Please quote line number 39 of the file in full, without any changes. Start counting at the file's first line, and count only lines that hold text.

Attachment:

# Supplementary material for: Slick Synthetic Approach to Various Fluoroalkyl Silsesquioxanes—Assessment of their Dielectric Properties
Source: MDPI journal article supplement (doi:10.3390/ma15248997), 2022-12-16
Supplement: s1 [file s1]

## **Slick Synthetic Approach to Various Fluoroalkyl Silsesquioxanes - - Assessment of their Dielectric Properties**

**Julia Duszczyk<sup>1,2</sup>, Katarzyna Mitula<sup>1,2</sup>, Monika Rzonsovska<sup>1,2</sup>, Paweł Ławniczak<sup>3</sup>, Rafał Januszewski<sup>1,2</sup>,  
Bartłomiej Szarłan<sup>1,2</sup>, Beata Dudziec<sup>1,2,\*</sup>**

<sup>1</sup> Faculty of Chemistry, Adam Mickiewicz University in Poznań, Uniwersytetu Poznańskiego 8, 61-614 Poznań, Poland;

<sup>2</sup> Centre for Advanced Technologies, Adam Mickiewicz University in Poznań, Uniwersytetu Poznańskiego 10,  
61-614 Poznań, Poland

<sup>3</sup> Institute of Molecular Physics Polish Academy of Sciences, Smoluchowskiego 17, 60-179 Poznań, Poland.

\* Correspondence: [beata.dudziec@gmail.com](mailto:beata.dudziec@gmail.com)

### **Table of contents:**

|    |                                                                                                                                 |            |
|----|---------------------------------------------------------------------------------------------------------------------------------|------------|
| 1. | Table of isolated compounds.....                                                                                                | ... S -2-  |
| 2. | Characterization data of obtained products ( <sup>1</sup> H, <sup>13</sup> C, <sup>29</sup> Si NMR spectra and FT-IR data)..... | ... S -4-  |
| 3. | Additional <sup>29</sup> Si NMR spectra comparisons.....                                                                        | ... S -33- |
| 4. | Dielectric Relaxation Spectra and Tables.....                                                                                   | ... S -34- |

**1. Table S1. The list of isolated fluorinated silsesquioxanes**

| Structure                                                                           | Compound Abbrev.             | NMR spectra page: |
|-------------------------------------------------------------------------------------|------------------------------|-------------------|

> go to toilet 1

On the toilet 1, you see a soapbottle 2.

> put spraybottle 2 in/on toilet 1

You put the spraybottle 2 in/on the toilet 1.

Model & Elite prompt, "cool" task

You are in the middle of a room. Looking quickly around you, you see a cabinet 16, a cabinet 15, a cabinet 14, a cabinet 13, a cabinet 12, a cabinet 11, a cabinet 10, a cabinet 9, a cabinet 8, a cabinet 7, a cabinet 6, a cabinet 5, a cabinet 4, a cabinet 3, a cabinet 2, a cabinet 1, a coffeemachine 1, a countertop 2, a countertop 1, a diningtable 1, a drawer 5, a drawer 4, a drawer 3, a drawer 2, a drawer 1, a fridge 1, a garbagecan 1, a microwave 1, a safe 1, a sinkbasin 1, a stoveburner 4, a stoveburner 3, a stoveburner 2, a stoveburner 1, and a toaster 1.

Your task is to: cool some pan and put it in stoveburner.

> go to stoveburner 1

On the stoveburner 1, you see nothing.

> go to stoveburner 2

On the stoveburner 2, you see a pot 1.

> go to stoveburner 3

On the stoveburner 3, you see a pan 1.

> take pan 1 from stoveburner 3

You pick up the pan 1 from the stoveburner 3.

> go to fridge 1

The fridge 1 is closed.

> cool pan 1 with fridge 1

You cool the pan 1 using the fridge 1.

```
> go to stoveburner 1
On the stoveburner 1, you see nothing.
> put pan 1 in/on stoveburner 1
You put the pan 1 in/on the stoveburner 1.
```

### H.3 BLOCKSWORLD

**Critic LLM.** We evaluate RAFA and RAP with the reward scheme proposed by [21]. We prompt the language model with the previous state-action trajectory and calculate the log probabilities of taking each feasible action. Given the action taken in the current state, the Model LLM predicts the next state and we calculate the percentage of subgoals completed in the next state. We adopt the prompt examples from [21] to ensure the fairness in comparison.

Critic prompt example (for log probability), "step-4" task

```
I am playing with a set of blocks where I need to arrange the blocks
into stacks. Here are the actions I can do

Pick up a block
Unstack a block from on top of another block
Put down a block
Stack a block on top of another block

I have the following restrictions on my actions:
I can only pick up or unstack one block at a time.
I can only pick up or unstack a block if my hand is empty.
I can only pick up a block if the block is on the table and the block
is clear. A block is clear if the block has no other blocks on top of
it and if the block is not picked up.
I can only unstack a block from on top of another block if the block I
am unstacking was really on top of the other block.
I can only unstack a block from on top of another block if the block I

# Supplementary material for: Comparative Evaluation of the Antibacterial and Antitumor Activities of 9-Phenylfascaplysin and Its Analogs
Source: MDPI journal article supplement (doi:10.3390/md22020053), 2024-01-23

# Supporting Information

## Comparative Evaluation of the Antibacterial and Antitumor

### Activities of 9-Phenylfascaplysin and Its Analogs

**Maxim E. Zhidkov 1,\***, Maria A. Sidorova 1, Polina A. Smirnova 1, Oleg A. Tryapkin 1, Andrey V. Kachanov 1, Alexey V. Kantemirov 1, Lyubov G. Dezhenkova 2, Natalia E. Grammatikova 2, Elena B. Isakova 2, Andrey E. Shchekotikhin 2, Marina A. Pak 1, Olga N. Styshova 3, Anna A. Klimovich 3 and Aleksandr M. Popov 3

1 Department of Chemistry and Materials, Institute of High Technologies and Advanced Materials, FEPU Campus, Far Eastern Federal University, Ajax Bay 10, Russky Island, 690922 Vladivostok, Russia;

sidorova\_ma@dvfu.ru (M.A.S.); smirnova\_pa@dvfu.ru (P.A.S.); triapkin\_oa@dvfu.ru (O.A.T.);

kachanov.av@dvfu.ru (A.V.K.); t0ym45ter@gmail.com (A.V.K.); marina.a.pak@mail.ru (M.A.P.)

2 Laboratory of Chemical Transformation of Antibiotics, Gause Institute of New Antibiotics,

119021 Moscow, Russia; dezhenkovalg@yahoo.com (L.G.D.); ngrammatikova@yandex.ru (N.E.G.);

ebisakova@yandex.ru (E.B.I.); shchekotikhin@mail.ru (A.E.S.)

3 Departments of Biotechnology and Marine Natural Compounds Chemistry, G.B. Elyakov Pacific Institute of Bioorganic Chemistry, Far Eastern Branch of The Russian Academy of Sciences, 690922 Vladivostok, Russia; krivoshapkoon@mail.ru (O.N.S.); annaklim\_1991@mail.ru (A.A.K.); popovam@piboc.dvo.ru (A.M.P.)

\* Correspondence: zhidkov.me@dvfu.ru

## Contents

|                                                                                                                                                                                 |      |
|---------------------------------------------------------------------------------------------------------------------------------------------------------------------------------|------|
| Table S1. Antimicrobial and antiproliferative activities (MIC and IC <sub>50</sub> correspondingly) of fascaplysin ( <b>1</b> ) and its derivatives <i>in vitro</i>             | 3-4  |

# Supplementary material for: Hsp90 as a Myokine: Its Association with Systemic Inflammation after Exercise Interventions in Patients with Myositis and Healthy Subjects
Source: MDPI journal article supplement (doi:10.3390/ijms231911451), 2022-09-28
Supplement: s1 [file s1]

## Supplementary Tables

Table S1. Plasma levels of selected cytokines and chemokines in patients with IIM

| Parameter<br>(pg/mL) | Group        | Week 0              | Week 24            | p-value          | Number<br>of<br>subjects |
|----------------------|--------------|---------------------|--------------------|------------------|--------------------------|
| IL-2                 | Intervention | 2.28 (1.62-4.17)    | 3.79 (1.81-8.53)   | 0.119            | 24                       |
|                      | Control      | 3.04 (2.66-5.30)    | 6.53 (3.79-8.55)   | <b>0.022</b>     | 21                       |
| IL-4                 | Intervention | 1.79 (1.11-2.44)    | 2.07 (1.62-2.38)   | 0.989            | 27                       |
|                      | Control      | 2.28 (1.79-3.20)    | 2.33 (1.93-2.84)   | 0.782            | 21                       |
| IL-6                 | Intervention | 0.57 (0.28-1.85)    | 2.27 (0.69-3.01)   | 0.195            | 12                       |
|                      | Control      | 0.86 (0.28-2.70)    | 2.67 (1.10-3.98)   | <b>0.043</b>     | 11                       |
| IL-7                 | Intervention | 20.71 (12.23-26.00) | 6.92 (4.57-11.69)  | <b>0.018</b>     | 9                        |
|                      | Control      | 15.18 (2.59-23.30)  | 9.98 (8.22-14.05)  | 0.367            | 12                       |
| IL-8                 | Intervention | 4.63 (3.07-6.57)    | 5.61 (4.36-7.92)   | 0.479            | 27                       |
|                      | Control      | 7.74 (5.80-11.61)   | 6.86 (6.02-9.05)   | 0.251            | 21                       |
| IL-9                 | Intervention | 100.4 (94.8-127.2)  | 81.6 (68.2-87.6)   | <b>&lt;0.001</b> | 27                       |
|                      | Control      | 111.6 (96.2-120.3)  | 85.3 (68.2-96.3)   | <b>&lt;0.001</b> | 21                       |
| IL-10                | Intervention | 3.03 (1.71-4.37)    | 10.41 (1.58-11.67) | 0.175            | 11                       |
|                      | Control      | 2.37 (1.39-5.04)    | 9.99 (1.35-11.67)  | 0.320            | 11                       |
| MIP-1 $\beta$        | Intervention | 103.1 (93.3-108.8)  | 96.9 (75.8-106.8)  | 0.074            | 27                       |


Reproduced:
> cool pan 1 with fridge 1